Fifty shades of tragedy

Despite its infamous portrayal of BDSM and reputation as “mommy porn,” “Fifty Shades of Grey” weaves a much darker tale that should be at the forefront of the movie’s conversation.

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Fifty shades of tragedy

Illustration by Jessica Byrd/THE CHIMES

Illustration by Jessica Byrd/THE CHIMES

Illustration by Jessica Byrd/THE CHIMES

Illustration by Jessica Byrd/THE CHIMES

David Vendrell, Writer

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Unless you have been living under a rock for the past couple of years, you have probably heard of a little literary phenomenon called “Fifty Shades of Grey.” Mostly known for its erotic sex scenes involving bondage, discipline, sadism and masochism (BDSM), the book was first relegated to late-night bedroom reading among dissatisfied housewives. Yet the novel, which started off as Twilight fan fiction, set ablaze the cultural consciousness, soon becoming a worldwide hit despite its horrid writing and dubious sexual politics.

So, it became an over-hyped movie filled with explicit depictions of violent sex.

Now I must first start off with a warning: I have never read the book, I am not a woman and I am no expert in gender politics or sexual psychology. But after watching the movie, I was left with one singular question — did the general public miss the point?

For the uninitiated, “Fifty Shades” follows the incredibly average, naive and adorable Anastasia Steele, who, after conducting an interview for her college paper, begins a relationship with the young, steely billionaire Christian Grey. Due to his keen sense for detail and striking confidence, the telecommunications magnate fascinates Ana, while Christian hungers for the innate innocence of Ana. They soon begin a sexual tryst and quasi-relationship, despite Christian’s constant emotional coldness, which hides a dark secret that has created shockwaves in his “singular” sexual proclivities. Ana, knowing no better, digs deeper and deeper into his soul, revealing a past she is wholly ill-equipped to handle.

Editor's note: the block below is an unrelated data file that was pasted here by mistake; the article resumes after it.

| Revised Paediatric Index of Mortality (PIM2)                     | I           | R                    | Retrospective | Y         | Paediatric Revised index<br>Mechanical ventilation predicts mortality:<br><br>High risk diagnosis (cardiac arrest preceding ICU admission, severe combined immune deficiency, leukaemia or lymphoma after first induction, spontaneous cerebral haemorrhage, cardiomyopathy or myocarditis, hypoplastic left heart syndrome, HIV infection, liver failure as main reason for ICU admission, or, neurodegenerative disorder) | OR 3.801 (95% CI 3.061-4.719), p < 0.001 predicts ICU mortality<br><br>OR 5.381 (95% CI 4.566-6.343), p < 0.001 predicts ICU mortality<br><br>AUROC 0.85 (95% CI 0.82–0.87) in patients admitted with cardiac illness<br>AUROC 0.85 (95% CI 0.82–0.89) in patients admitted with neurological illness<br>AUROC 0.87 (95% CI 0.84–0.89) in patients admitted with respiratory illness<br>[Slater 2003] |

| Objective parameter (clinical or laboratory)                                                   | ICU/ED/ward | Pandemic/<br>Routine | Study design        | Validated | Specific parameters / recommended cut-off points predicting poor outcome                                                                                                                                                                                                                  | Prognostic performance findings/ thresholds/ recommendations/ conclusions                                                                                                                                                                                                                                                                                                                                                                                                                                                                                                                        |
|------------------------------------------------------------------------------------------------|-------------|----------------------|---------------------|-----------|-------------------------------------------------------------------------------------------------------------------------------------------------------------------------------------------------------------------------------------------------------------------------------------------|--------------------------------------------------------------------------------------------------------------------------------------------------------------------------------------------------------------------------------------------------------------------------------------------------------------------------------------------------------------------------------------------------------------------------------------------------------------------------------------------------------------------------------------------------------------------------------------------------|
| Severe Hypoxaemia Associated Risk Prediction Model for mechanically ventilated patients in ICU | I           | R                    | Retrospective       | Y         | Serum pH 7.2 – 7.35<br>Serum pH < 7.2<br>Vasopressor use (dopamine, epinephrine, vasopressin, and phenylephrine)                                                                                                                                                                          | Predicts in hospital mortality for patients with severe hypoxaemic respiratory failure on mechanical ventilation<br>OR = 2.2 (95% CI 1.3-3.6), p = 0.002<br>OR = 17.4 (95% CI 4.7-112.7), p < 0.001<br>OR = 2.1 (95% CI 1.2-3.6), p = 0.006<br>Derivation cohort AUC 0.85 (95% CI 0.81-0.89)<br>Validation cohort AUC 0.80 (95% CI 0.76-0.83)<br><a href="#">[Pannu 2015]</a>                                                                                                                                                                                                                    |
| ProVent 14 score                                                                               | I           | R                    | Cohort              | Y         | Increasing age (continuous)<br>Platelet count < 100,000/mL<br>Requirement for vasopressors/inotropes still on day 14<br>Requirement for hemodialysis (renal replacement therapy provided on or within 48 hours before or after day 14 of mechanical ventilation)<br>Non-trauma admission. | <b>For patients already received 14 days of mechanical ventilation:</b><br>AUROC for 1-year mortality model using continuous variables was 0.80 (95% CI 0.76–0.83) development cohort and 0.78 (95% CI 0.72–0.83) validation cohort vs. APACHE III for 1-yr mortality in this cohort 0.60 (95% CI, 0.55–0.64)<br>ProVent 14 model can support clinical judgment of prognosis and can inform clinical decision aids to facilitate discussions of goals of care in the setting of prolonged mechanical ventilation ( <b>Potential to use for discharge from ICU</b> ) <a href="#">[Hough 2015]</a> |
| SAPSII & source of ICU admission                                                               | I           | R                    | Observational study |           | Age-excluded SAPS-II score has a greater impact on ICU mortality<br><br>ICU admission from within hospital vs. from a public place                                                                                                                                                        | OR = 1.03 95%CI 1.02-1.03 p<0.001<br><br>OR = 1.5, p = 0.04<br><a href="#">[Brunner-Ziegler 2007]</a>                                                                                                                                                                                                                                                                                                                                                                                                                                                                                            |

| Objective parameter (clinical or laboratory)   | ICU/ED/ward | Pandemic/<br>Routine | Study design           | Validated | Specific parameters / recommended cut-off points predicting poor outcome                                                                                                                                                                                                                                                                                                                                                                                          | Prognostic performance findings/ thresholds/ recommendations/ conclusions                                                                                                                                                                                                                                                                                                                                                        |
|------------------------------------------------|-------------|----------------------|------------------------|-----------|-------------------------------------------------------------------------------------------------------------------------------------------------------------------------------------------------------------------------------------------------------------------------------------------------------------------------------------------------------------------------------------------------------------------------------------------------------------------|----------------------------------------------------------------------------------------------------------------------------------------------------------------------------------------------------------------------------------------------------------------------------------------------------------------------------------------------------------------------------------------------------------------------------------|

The audience soon learns that Christian was abused by his mother’s friend, becoming her submissive in a BDSM relationship that began from age 15 to 21. Though clearly scarred by the ordeal, he never spoke about the relationship, and has in turn adopted his abuser’s forms of pleasure. As Christian puts it in an early foretelling scene, “exercising control in all things.”

It would be impossible to talk about the deeper themes of this story without a frank conversation about sexuality. Sex, in its proper form, is meant to bind a couple together in body and soul, crafting a depth of intimacy that no other physical act can conjure. Everything comes into the bedroom — insecurities, fantasies and chemistry — in a way that should energize and satisfy both individuals. This is why a “friends with benefits” partnership quickly deteriorates — those pesky emotions. But, that is what Christian aims to do. He crafts an agreement — contract and all — that stipulates the ways in which he and Ana can interact. Of course, it is all one overtly constructed way in keeping a woman at arm’s length.

Though she reluctantly consents to the agreement, Ana desires true intimacy. Her physical pleasure needs to be matched by emotional openness — something Christian refuses to provide. She cries when she witnesses her mother and her husband enjoying each other’s company. Normalcy seems like a long-lost fantasy.

How can anyone view this story as an erotic dream? Stalked, controlled and eventually abused, Ana should serve as a cautionary tale for women everywhere. Christian’s broken and depraved soul teeters between sexual hunger and emotional pain, yearning to reconcile the demons battling inside him. As a victim of prolonged sexual abuse, Christian’s mind has been rewired in order to cope. In turn, the victim has become the abuser, perpetuating the pain to women he comes across, hidden behind the veil of nondisclosure agreements and locked playrooms.

When Ana finally grows sick of the games, she implores experiencing the ultimate form of empathy — “show me.” Show me the pinnacle of damage you experienced. Give me your scars. And he does. The movie climaxes with brutalization, shaking Ana out of her consent as the tears start to flow. Enough is enough. This is depraved. This is unnatural. Christian’s problems run through his veins, and he desperately needs professional help and healing.

I hurt for Christian and guys like him. In reality, Christian represents an extreme of many men hiding behind a mask of pain and shame, unable to commit and settling for wrong-headed pleasures to numb it all. Conversely, many women, like Ana, give themselves away in an effort to please. I am not sure if the audience, who clapped and swooned for the on-screen couple, experienced what I felt. But in my view, “Fifty Shades of Grey” is one of the most tragic romances I have ever witnessed.